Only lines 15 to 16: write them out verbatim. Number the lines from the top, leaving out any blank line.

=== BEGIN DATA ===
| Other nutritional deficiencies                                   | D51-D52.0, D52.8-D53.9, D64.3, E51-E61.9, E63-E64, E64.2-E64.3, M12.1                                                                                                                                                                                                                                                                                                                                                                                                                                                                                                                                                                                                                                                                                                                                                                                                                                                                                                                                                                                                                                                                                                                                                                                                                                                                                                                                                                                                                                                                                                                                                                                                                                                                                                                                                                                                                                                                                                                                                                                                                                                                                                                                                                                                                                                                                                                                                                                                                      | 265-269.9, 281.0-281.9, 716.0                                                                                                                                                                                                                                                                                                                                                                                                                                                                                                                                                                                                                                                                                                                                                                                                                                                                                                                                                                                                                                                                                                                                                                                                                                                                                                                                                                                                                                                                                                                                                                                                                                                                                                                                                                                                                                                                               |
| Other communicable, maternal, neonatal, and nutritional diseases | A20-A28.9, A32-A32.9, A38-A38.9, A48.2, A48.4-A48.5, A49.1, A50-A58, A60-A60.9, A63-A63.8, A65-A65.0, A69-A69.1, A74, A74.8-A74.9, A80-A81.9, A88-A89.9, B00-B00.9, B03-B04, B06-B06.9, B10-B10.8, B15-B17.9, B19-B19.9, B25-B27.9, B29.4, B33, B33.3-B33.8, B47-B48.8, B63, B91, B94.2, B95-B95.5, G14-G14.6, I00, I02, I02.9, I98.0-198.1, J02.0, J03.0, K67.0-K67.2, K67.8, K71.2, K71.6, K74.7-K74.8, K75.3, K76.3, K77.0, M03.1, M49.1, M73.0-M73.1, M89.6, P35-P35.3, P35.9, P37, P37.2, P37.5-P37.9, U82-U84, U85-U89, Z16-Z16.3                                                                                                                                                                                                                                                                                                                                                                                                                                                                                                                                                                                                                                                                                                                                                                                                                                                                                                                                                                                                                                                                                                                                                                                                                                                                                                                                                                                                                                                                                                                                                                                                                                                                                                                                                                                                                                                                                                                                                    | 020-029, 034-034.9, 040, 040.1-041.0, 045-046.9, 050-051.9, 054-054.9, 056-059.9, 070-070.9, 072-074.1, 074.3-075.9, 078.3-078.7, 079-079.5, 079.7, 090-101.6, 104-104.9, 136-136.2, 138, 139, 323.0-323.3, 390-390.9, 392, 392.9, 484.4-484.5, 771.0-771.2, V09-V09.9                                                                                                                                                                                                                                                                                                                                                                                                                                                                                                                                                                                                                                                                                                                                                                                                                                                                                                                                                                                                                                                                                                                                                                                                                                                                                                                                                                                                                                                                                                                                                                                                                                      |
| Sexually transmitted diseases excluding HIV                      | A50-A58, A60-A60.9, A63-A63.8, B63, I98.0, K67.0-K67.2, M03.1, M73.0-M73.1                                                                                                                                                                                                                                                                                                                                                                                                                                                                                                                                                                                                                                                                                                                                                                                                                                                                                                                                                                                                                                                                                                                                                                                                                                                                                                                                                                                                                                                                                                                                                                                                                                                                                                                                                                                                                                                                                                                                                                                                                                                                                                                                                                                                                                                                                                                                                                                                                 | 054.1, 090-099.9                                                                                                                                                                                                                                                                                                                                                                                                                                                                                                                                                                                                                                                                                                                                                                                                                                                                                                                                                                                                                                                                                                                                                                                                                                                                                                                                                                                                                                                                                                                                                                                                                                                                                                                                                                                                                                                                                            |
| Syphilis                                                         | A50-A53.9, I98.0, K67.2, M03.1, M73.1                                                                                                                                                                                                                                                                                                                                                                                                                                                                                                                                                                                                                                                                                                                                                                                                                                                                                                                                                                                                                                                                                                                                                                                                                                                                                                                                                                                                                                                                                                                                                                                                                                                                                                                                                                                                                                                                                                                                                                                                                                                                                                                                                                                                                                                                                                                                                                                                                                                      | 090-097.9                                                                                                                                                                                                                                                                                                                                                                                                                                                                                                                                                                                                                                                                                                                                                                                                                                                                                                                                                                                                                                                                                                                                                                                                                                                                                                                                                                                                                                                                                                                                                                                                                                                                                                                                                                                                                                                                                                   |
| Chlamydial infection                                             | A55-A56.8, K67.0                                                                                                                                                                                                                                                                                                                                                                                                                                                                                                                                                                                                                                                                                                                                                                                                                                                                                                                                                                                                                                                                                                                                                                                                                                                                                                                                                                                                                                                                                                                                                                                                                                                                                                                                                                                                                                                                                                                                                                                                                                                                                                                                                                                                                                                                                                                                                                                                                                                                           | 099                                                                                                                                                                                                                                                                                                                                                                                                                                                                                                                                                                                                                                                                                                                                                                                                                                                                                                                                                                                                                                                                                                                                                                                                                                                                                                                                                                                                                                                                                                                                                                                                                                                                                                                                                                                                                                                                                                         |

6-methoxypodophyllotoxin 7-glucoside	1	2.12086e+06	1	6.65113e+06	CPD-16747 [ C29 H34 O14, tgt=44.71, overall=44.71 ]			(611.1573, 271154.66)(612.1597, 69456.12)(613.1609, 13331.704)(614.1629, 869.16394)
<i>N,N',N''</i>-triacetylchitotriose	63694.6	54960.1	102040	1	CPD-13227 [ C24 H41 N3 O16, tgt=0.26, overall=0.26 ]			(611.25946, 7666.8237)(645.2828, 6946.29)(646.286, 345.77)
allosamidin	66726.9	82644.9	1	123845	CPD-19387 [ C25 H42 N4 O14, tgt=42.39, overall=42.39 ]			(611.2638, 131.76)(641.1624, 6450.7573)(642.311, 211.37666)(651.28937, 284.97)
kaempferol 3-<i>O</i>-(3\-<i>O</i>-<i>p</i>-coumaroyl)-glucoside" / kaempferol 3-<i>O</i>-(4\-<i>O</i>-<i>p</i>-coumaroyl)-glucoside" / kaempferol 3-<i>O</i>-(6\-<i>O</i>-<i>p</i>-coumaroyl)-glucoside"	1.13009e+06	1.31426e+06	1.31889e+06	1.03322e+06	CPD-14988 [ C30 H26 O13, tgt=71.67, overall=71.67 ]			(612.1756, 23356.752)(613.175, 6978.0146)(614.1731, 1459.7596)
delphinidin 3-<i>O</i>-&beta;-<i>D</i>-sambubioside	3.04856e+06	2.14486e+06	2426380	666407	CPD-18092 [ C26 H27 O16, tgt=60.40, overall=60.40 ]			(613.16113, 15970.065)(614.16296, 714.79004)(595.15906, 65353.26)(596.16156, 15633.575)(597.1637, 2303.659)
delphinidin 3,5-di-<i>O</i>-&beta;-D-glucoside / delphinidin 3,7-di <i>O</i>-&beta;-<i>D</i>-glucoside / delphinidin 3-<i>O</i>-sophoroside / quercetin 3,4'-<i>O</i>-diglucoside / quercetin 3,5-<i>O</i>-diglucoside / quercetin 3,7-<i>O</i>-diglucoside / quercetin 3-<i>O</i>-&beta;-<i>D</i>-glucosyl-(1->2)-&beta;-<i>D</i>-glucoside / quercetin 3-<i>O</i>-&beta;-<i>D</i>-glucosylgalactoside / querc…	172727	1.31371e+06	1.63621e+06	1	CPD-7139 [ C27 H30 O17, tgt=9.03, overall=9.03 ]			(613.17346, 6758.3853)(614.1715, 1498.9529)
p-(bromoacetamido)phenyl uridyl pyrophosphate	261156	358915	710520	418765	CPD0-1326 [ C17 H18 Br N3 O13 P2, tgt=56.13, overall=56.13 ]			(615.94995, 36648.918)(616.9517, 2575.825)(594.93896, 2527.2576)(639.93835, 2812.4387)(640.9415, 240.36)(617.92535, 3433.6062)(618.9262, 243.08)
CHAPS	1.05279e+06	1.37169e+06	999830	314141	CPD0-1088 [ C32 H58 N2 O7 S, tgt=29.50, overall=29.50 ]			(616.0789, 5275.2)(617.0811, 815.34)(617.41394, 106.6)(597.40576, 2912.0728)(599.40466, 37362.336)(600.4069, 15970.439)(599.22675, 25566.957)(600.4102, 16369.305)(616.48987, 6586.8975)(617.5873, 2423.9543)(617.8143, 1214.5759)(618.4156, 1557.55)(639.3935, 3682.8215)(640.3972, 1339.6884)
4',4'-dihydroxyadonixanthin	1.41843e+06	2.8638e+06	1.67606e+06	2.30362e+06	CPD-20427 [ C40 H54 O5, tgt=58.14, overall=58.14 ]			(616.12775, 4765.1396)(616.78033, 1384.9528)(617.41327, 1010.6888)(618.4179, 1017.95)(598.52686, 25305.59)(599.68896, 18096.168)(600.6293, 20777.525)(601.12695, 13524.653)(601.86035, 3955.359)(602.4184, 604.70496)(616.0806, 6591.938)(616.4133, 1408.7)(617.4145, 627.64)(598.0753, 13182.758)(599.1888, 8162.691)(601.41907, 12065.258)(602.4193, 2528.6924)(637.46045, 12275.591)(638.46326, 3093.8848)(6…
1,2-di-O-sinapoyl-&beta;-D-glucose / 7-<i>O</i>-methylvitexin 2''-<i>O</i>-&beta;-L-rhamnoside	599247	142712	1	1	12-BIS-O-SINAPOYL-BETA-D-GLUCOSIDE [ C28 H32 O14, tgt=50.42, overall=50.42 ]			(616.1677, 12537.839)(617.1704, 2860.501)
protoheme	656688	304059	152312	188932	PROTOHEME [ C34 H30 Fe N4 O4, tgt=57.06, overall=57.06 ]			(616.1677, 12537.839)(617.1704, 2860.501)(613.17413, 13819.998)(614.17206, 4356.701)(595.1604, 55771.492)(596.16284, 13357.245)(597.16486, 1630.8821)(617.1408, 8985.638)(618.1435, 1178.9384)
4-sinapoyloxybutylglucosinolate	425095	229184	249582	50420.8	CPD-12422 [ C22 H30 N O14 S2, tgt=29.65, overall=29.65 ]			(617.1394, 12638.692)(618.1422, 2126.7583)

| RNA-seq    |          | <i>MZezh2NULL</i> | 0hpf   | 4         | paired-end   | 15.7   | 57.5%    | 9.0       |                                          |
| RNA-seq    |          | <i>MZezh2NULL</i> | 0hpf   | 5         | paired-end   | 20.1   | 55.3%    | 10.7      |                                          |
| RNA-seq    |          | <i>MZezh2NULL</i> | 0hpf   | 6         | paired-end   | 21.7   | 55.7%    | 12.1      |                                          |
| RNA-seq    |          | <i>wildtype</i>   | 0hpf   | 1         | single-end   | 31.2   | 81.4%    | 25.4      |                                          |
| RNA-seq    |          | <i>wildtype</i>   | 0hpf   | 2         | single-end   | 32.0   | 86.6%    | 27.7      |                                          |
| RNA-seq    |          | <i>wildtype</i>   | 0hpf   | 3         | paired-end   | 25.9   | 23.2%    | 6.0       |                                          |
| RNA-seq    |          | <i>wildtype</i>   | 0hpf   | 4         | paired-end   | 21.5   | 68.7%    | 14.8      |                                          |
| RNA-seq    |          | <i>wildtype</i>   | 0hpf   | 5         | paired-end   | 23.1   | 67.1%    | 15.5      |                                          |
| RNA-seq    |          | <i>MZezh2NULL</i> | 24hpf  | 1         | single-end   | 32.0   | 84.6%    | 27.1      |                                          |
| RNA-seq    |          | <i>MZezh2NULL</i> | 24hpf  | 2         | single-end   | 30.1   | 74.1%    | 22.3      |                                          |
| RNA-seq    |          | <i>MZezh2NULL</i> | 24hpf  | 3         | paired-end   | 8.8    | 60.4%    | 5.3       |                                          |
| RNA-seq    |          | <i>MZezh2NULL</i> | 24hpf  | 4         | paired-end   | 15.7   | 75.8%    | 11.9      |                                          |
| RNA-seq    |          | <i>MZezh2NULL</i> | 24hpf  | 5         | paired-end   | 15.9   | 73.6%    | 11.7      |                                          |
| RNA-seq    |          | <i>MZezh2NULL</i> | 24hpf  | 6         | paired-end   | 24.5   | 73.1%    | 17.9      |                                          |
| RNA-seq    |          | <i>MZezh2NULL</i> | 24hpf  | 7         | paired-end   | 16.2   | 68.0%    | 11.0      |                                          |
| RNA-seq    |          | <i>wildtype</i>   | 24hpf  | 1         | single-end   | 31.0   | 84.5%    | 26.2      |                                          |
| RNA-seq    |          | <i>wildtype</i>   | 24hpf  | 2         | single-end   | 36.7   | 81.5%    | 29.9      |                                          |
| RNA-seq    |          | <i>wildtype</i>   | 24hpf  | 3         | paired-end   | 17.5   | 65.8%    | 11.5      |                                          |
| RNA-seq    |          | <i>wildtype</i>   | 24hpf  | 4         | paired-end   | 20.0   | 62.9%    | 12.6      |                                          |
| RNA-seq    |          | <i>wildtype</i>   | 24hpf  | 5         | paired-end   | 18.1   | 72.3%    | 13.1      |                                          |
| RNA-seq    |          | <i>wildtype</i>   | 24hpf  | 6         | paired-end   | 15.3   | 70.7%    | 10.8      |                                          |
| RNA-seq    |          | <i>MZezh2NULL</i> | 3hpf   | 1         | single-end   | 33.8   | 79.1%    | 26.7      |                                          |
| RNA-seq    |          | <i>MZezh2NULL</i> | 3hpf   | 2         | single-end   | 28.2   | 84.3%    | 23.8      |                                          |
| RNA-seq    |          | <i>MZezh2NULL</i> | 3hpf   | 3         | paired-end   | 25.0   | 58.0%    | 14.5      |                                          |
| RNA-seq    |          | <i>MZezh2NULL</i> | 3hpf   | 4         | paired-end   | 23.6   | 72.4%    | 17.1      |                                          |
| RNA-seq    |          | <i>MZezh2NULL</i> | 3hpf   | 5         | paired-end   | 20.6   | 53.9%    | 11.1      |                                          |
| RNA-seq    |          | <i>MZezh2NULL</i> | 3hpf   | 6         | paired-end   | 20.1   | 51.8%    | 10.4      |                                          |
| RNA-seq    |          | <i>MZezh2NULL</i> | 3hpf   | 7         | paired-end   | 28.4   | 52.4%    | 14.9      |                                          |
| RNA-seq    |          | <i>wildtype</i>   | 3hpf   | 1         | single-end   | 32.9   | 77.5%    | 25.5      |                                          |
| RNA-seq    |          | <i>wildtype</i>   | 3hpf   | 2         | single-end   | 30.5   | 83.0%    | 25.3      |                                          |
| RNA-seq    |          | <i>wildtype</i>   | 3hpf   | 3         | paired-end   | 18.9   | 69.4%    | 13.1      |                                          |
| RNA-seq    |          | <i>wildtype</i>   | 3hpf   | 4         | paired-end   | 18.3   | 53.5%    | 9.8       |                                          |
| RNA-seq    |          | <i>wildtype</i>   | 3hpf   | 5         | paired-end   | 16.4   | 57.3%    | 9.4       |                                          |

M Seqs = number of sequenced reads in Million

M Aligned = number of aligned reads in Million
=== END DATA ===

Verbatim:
1,2-di-O-sinapoyl-&beta;-D-glucose / 7-<i>O</i>-methylvitexin 2''-<i>O</i>-&beta;-L-rhamnoside	599247	142712	1	1	12-BIS-O-SINAPOYL-BETA-D-GLUCOSIDE [ C28 H32 O14, tgt=50.42, overall=50.42 ]			(616.1677, 12537.839)(617.1704, 2860.501)
protoheme	656688	304059	152312	188932	PROTOHEME [ C34 H30 Fe N4 O4, tgt=57.06, overall=57.06 ]			(616.1677, 12537.839)(617.1704, 2860.501)(613.17413, 13819.998)(614.17206, 4356.701)(595.1604, 55771.492)(596.16284, 13357.245)(597.16486, 1630.8821)(617.1408, 8985.638)(618.1435, 1178.9384)